“[Shetterly] hopes her work pays tribute to these women by bringing details of their life’s work to light. ‘Not just mythology but the actual facts,’ she says. ‘Because the facts are truly spectacular.'”

The impact of the people in Hidden Figures continues today, with reports about increased interest in STEM by girls and minorities.  I don’t know if The Unstoppable Wasp will have the same effect, but teachers may want to try both artistic resources in their classrooms.

Here are some other suggestions from “experts” talking with CNN about increasing girls’ interest in STEM.  I’d say that many of these ideas are applicable to all children and all subject disciplines.

What about you?  You don’t have to teach in a STEM-related field.  What “SHHTEAMPE” strategies do you use to make learning meaningful and memorable?

 

Know Gimmicks

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gimmick ˈɡimik/  noun

  1. a trick or device intended to attract attention, publicity, or business.
    synonyms: publicity stunt, contrivanceschemestratagemploy;

    informalshtick

 Every Marvel movie features snappy quips, and one of my favorite lines from Captain America: Civil War comes from hero Falcon, when he and Bucky first run into Spider-Man:

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Gimmicks have a long history in comic books.  Specifically, let’s look at comic book gimmick covers.  Like any good “publicity stunt,” gimmick covers draw attention to sell more comic books. Typically these specific issues celebrate milestone anniversaries, debut series, or other special events.

The good folks at Comic Book Resources (CBR) recently shared their “All-Time Greatest Comic Book Gimmick Covers,” and you can read about it right here.

In this list, you’ll learn all kinds of neat history and trivia, including what made these gimmicks special.  Behold covers with poly-bagged pop-ups, glow-in-the-dark skeletons, embossed chromium and/or foil, die-cut claw marks, bullet holes, and more.

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My favorite is the Superman “Colorform” cover, where you can create your own battle scene using the reusable plastic pieces.  (iPad got nothin’ on Coloforms.)

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Gimmicks are fun, but they can also go horribly wrong.  To wit, CBR contributors also compiled the “All-Time Worst Comic Book Gimmick Covers,” which you can read here if you dare.

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These unfortunate “shticks” include lenticular artwork, face-shaped die-cut covers, duplicate monochrome colors, Magic Eye illusions, body heat-sensitive “thermochrome,” and more bullet holes.

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Gimmick comic book covers have mostly disappeared, but new ideas (or old revivals) pop up from time to time.  The same is true for educational gimmicks.  Teachers must be vigilant in protecting their students (and themselves) from too many gimmicks, fads, and ploys.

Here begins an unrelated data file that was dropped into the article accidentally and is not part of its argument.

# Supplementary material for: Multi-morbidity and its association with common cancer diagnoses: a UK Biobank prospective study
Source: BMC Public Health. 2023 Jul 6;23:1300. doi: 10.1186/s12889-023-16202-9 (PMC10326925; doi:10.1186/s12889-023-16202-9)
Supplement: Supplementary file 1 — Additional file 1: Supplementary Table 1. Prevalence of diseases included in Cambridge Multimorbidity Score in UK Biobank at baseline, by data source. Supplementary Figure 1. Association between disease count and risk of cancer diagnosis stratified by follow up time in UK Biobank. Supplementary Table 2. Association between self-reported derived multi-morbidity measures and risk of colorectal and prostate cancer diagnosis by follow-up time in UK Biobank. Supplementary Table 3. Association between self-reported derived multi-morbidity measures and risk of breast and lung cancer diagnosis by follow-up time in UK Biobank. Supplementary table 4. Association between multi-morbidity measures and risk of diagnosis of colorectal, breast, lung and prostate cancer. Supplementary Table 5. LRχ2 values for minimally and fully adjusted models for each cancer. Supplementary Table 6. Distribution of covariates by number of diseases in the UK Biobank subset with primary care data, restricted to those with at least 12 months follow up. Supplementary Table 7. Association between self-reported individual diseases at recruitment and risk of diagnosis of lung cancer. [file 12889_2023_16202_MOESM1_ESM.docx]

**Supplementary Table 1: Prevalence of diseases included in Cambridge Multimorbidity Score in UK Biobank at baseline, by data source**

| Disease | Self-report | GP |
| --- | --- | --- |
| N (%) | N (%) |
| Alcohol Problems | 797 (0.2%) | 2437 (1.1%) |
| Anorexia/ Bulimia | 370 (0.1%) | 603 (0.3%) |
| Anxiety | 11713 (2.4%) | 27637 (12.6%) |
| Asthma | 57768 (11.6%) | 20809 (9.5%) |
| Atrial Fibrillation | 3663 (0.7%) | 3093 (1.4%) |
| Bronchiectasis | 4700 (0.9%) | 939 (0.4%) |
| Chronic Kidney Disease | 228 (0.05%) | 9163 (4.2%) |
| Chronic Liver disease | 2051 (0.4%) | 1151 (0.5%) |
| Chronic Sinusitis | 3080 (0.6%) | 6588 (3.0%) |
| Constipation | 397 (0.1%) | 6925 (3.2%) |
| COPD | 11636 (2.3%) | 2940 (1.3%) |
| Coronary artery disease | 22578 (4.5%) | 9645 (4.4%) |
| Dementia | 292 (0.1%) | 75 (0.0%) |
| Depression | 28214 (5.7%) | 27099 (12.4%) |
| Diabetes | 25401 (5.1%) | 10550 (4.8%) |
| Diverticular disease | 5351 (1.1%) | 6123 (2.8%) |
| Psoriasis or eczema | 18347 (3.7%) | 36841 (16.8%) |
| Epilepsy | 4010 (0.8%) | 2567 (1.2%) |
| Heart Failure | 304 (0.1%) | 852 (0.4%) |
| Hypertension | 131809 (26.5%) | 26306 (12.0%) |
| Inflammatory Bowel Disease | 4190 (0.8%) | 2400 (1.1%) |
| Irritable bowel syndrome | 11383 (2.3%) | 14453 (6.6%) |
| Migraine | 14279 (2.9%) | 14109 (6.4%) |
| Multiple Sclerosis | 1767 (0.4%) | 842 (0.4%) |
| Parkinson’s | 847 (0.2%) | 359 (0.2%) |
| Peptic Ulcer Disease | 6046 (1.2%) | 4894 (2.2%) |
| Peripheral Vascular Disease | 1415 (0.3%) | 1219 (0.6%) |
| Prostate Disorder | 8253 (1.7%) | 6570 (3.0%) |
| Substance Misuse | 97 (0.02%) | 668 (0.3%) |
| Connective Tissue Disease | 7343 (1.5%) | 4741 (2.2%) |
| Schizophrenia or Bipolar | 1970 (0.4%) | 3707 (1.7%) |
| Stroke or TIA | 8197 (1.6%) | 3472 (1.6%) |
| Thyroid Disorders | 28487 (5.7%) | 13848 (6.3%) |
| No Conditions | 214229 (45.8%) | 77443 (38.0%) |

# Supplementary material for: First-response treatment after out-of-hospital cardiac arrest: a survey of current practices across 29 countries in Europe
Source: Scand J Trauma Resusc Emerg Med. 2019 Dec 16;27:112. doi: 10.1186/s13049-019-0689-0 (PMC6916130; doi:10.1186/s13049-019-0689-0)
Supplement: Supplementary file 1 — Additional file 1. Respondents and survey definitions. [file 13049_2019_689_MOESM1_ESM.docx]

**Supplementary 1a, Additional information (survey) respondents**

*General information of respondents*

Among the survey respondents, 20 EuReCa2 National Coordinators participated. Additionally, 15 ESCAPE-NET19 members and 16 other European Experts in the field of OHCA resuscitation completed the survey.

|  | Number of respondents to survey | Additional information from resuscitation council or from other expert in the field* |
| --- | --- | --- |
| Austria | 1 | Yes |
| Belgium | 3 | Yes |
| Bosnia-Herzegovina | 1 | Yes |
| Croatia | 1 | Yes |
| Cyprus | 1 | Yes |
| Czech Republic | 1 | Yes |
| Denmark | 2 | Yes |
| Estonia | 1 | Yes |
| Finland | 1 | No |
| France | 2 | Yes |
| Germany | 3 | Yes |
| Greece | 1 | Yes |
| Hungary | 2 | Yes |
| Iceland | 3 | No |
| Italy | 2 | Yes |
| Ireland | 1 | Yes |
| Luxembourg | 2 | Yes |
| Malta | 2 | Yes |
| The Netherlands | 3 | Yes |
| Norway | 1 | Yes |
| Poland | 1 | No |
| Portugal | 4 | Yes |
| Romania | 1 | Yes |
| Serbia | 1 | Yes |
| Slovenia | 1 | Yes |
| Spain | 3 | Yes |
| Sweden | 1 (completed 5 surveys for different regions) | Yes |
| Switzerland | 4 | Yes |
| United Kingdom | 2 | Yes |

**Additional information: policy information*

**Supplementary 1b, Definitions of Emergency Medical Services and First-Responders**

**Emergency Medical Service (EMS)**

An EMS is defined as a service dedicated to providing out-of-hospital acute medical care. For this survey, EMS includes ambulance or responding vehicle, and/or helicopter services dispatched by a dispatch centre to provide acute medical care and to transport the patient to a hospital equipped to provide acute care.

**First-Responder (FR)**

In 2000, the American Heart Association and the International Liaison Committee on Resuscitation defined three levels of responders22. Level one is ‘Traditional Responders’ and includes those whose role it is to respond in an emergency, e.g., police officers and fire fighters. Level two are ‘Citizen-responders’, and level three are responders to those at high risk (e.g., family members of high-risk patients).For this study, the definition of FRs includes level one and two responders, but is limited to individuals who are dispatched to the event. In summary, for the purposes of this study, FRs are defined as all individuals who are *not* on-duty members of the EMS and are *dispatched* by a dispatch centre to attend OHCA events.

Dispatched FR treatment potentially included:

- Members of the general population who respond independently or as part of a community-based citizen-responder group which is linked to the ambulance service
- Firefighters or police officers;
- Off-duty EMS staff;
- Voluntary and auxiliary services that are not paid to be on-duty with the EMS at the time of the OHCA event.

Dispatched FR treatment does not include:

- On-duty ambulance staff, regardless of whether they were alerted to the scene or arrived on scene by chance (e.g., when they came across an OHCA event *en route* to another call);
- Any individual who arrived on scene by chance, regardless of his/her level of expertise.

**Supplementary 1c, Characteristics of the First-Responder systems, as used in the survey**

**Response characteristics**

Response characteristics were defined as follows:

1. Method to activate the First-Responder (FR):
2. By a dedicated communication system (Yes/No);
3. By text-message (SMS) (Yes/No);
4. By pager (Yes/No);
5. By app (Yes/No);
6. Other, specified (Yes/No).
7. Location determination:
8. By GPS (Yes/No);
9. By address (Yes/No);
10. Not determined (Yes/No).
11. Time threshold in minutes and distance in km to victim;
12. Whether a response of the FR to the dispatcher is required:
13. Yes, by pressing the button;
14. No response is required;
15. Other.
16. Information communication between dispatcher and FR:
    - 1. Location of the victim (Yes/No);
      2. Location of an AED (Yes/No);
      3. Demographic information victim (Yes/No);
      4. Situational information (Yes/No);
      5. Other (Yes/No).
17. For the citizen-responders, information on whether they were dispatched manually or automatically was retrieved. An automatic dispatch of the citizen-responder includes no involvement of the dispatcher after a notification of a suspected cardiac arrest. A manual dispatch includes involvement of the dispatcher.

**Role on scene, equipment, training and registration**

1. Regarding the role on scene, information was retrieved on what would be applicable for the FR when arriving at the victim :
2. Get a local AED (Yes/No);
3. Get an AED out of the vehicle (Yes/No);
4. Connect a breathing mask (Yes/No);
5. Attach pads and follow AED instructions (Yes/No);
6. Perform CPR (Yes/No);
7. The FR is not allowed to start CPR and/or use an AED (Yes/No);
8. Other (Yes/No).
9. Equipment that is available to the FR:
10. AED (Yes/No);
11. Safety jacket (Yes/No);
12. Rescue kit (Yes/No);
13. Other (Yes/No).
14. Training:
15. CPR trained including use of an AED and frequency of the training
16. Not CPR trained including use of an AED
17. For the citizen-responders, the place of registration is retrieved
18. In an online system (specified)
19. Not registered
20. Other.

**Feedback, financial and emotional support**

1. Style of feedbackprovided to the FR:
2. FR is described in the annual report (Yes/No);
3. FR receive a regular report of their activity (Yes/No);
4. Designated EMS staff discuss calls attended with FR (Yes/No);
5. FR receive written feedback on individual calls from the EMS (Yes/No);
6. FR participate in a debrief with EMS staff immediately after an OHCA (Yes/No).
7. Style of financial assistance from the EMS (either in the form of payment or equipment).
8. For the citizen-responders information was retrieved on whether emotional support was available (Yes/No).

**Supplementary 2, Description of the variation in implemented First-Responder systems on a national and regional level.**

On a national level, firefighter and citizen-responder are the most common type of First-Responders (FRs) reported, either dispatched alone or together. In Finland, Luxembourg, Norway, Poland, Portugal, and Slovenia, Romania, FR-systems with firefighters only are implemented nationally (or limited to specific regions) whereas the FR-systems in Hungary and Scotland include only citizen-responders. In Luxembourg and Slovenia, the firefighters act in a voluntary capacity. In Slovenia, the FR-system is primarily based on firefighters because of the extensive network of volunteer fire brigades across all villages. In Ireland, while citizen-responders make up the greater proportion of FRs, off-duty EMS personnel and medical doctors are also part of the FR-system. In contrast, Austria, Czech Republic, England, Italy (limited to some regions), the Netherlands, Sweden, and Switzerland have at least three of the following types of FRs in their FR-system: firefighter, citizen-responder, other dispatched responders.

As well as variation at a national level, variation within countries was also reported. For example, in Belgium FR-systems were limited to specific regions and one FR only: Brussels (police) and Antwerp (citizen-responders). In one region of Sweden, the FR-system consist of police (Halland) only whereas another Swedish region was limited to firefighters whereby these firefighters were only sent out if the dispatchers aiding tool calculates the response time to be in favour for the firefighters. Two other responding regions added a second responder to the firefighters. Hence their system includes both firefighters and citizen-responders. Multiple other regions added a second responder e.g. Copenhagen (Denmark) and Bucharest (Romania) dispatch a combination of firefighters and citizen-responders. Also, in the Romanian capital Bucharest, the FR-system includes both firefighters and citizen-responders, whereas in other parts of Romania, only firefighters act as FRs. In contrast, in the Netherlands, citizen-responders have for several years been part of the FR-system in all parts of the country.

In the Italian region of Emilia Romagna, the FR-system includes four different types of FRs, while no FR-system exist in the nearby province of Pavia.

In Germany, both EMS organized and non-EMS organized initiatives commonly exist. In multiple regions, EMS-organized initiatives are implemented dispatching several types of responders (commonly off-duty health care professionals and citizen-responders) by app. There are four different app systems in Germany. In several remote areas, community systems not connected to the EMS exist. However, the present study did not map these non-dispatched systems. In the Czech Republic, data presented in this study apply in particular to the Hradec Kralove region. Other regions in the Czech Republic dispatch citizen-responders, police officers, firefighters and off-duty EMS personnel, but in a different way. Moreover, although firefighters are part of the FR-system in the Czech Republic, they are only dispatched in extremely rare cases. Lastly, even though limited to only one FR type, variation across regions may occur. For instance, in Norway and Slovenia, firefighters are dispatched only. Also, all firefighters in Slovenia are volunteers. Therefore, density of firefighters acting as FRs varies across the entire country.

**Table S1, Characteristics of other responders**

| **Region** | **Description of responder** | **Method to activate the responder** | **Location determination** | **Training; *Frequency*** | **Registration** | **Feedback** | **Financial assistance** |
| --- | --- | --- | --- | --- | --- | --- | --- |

What are some of these educational gimmicks?  For a start, take a look at the following graphic highlighting “20 Years of Educational Fads,” put together by Te@cher Toolkit (“the most influential blog on education in the UK”).

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You can read more here about each gimmick, myth, fad, and/or hearsay, and see how much you agree.

Such new (or repackaged) educational ideas begin as noteworthy or eye-catching.  A financial boost often jumpstarts such initiatives.  But eventually the dollars dwindle away, followed by fading enthusiasm and support.  Given the effort and time spent by various stakeholders, you can imagine the subsequent feelings of resentment and distrust.

Please note that I am not poo-pooing all gimmicks.  After all, I’m the guy who forked over cash to get this hologram-highlighted wrap-around cover:

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And this foil embossed beauty:

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And even this one:

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 (Yup, that’s a special #0 issue mini-comic glued to the cover of the #1 issue regular-sized comic.)

Gimmicks can be good for a laugh.  And sometimes they are a breath of fresh air.  Used right, gimmicks can make cute mementos, quick distractions, and useful object lessons.

Nevertheless, it’s important to distinguish between a novel trick (that’s fun for a little while) and a credible research-supported practice (that stands the test of time).

What about you?  What educational gimmicks have you enjoyed, advocated, and/or suffered?